A vast amount of textual web streams is influenced by events or phenomena emerging in the real world. The social web forms an excellent modern paradigm, where unstructured user generated content is published on a regular basis and in most occasions is freely distributed. The present Ph.D. Thesis deals with the problem of inferring information - or patterns in general - about events emerging in real life based on the contents of this textual stream. We show that it is possible to extract valuable information about social phenomena, such as an epidemic or even rainfall rates, by automatic analysis of the content published in Social Media, and in particular Twitter, using Statistical Machine Learning methods. An important intermediate task regards the formation and identification of features which characterise a target event; we select and use those textual features in several linear, non-linear and hybrid inference approaches achieving a significantly good performance in terms of the applied loss function. By examining further this rich data set, we also propose methods for extracting various types of mood signals revealing how affective norms - at least within the social web's population - evolve during the day and how significant events emerging in the real world are influencing them. Lastly, we present some preliminary findings showing several spatiotemporal characteristics of this textual information as well as the potential of using it to tackle tasks such as the prediction of voting intentions.
The task of decision-making under uncertainty is daunting, especially for problems which have significant complexity. Healthcare policy makers across the globe are facing problems under challenging constraints, with limited tools to help them make data driven decisions. In this work we frame the process of finding an optimal malaria policy as a stochastic multi-armed bandit problem, and implement three agent based strategies to explore the policy space. We apply a Gaussian Process regression to the findings of each agent, both for comparison and to account for stochastic results from simulating the spread of malaria in a fixed population. The generated policy spaces are compared with published results to give a direct reference with human expert decisions for the same simulated population. Our novel approach provides a powerful resource for policy makers, and a platform which can be readily extended to capture future more nuanced policy spaces.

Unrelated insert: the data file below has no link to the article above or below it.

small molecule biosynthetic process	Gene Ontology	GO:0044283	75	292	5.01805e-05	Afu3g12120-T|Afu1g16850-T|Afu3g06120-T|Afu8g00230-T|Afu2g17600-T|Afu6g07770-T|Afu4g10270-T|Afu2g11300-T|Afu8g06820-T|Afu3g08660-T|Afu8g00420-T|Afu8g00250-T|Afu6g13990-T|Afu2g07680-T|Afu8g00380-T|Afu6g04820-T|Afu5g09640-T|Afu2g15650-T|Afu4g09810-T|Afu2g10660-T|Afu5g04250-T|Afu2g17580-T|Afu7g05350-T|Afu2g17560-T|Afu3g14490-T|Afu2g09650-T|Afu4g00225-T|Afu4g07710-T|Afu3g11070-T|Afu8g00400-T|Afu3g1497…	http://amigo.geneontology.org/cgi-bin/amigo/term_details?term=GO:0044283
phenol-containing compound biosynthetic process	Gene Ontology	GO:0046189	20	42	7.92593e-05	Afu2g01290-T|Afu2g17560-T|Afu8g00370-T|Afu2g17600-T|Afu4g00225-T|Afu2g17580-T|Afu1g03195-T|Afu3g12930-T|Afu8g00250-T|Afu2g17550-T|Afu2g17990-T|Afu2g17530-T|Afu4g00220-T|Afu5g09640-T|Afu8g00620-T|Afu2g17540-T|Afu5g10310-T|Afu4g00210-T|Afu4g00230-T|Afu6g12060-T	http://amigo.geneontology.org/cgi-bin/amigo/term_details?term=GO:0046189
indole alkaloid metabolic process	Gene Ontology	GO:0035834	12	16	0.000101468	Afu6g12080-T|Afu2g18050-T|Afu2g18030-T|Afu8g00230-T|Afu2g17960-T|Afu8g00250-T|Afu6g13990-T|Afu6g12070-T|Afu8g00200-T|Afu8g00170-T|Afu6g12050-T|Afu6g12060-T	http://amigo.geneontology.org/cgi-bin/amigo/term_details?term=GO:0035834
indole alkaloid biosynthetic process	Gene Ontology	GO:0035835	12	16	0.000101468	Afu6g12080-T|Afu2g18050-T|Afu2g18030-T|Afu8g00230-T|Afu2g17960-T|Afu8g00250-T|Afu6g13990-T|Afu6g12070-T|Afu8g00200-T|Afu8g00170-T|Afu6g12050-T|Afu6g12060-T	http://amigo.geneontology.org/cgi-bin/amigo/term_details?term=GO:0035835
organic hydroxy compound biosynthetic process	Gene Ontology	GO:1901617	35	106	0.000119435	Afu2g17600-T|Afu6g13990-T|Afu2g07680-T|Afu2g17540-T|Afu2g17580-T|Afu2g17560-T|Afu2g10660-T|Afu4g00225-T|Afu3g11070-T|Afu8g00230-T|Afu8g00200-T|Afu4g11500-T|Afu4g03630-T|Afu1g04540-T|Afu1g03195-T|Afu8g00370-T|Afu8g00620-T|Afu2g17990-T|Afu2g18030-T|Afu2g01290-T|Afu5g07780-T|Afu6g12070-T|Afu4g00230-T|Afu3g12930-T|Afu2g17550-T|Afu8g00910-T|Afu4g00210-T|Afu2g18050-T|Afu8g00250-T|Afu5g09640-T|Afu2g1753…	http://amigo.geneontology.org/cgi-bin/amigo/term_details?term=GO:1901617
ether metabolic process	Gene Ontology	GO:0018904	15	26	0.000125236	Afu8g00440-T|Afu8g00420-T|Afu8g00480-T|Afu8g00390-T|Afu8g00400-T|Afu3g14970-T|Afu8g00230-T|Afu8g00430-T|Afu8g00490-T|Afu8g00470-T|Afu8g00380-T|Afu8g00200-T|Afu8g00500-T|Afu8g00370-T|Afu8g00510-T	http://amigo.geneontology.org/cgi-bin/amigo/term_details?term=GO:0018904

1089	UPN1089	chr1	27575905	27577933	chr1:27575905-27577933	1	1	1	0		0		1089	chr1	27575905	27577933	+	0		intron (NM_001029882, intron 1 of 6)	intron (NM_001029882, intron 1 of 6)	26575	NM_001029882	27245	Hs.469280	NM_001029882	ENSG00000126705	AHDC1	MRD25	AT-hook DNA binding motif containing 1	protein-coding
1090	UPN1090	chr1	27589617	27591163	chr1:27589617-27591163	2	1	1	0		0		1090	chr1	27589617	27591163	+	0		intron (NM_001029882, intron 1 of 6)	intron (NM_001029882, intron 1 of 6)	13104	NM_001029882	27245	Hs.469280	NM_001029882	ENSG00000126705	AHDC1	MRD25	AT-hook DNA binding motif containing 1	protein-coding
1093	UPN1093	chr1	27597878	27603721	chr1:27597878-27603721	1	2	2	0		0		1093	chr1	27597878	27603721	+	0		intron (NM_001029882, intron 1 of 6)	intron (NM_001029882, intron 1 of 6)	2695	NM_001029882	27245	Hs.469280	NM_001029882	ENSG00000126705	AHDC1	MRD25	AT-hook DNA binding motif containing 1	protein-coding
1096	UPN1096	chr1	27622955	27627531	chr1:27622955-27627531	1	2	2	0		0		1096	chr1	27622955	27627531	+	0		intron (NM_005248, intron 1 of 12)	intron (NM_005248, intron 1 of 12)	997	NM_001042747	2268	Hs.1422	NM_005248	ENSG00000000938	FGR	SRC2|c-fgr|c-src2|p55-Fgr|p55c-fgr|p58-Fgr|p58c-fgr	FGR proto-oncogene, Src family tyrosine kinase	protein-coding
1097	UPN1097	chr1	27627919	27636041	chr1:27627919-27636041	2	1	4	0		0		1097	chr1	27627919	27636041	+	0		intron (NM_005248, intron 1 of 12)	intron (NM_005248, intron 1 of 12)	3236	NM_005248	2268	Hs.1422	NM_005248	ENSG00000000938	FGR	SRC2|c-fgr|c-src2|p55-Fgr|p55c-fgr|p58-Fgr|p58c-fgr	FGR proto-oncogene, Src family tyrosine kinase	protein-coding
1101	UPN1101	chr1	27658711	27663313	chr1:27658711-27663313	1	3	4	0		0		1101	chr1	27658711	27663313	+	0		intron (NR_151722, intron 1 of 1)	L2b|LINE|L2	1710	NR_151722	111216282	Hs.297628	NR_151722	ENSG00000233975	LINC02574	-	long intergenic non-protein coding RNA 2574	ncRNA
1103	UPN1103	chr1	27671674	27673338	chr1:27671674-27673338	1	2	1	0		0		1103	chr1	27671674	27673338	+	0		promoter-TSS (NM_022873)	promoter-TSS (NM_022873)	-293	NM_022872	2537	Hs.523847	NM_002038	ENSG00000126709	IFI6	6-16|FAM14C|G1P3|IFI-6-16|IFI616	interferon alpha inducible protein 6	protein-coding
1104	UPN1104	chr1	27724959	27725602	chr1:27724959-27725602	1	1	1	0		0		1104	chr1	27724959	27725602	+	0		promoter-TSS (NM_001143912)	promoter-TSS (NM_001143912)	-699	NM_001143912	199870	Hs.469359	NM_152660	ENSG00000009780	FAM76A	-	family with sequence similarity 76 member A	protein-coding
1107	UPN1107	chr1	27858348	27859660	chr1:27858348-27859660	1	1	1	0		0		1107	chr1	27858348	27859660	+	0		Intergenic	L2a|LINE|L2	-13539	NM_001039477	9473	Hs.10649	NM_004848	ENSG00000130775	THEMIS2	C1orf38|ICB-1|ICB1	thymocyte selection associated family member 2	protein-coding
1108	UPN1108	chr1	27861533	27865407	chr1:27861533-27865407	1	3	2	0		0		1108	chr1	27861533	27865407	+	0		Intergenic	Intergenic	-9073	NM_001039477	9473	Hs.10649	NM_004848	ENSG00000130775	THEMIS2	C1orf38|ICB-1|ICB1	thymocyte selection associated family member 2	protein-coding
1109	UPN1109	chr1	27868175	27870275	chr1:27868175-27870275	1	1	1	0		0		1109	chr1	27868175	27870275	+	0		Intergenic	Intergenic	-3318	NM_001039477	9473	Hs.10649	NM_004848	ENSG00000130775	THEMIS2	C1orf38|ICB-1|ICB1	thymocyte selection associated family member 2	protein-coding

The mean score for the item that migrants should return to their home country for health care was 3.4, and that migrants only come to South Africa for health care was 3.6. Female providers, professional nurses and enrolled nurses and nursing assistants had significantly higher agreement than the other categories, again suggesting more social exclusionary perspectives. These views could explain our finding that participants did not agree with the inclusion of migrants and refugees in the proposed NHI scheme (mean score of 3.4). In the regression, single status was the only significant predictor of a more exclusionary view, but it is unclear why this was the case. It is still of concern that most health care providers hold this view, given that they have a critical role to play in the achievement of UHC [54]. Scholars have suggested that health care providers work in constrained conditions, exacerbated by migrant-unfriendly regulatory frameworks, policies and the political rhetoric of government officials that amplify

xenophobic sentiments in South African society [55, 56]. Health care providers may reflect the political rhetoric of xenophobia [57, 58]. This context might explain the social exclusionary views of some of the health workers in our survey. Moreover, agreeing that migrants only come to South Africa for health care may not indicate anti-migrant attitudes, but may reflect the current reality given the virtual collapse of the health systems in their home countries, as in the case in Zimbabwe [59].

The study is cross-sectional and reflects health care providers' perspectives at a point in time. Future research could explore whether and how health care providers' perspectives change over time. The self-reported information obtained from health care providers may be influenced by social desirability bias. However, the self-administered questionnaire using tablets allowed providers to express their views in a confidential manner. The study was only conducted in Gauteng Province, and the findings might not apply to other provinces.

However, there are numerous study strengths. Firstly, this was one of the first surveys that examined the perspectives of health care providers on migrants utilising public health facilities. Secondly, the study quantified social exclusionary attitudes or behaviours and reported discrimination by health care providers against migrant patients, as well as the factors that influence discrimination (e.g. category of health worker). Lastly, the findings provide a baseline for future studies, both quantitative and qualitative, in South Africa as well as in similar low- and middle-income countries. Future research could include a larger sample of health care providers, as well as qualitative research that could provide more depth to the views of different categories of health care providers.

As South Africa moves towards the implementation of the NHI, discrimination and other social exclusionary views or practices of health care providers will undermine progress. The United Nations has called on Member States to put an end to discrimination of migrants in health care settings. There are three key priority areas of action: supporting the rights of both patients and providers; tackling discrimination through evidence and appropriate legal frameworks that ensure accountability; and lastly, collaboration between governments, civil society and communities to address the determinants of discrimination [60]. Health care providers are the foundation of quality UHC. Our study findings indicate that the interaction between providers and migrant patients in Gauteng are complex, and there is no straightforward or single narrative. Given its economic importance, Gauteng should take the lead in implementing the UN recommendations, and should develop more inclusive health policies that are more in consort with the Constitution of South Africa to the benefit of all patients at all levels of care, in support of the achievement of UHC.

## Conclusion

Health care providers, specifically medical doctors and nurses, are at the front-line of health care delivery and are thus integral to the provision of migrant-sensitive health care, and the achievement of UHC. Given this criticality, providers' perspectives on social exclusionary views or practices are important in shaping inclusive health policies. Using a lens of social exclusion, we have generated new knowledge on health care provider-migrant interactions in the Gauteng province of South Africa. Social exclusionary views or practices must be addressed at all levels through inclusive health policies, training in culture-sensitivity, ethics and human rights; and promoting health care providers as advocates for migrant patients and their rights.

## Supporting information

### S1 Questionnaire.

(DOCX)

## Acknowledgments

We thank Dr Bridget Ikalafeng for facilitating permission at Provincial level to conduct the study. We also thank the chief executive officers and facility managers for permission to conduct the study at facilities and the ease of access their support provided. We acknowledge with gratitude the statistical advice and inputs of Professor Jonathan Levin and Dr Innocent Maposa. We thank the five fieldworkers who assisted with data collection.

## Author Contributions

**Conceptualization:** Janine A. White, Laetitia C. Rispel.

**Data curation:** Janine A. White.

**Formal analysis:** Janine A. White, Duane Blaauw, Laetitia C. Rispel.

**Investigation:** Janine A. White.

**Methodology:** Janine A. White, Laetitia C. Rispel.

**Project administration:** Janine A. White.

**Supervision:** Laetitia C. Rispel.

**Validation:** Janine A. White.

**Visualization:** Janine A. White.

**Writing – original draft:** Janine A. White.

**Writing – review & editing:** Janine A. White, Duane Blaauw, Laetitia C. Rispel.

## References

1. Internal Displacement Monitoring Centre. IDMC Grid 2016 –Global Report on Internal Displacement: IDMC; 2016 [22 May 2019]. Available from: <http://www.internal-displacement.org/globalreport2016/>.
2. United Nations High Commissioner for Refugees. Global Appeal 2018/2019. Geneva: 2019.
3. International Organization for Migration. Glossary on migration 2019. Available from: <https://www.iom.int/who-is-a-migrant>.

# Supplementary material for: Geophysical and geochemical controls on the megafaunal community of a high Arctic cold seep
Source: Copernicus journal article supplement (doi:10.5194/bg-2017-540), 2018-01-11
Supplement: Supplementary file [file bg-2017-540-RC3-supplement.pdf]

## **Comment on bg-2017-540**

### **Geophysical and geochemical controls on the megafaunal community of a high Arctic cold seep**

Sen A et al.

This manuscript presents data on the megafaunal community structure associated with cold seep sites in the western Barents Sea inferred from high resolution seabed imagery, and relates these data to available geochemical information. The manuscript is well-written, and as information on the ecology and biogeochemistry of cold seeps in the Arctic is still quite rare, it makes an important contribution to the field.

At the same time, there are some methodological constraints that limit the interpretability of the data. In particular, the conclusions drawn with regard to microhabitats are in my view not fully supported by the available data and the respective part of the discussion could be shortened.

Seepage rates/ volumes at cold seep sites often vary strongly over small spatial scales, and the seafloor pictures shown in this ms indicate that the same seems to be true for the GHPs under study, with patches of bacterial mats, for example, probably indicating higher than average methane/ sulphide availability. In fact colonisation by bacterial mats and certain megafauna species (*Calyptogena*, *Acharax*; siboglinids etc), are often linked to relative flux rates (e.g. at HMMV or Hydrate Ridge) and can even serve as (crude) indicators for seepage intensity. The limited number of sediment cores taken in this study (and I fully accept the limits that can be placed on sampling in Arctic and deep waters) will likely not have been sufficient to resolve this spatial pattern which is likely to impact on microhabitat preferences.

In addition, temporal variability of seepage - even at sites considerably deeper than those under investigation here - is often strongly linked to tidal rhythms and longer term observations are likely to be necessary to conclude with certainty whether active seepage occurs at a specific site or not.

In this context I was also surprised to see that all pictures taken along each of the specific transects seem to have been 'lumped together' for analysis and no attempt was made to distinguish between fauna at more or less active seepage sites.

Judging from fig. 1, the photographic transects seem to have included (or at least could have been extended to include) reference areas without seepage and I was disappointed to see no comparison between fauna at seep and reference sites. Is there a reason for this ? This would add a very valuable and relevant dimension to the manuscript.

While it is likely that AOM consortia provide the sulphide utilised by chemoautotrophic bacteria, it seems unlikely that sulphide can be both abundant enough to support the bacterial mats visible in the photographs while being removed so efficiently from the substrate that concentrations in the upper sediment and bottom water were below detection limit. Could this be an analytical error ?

J.K. Rowling, author of the acclaimed "Harry Potter" series, has once again expressed her dislike of President Donald Trump via Twitter. Rowling has previously used Twitter to share her negative views towards Trump's leadership and his proposed policies. The latest installment of tweets comes as a reply to Trump's comments about London Mayor Sadiq Khan. After the Saturday terror attack in England, in which three men ran over pedestrians on the London Bridge and stabbed several of them, Khan issued a statement: "Londoners will see an increased police presence today and over the course of the next few days. There's no reason to be alarmed."
Despite steady progress in detection and treatment in recent decades, cancer remains the second leading cause of death in the United States, cutting short the lives of approximately 500,000 people each year. To better understand and combat this disease, medical researchers rely on cancer registry programs--a national network of organizations that systematically collect demographic and clinical information related to the diagnosis, treatment, and history of cancer incidence in the United States. The surveillance effort, coordinated by the National Cancer Institute (NCI) and the Centers for Disease Control and Prevention, enables researchers and clinicians to monitor cancer cases at the national, state, and local levels. Much of this data is drawn from electronic, text-based clinical reports that must be manually curated--a time-intensive process--before it can be used in research. For example, cancer pathology reports, text documents that describe cancerous tissue in detail, must be individually read and annotated by experts before becoming part of a cancer registry.
Sha, Lei (Peking University) | Mou, Lili (University of Waterloo) | Liu, Tianyu (Peking University) | Poupart, Pascal (University of Waterloo) | Li, Sujian (Peking University) | Chang, Baobao (Peking University) | Sui, Zhifang (Peking University )
Generating texts from structured data (e.g., a table) is important for various natural language processing tasks such as question answering and dialog systems. In recent studies, researchers use neural language models and encoder-decoder frameworks for table-to-text generation. However, these neural network-based approaches typically do not model the order of content during text generation. When a human writes a summary based on a given table, he or she would probably consider the content order before wording. In this paper, we propose an order-planning text generation model, where order information is explicitly captured by link-based attention. Then a self-adaptive gate combines the link-based attention with traditional content-based attention. We conducted experiments on the WikiBio dataset and achieve higher performance than previous methods in terms of BLEU, ROUGE, and NIST scores; we also performed ablation tests to analyze each component of our model.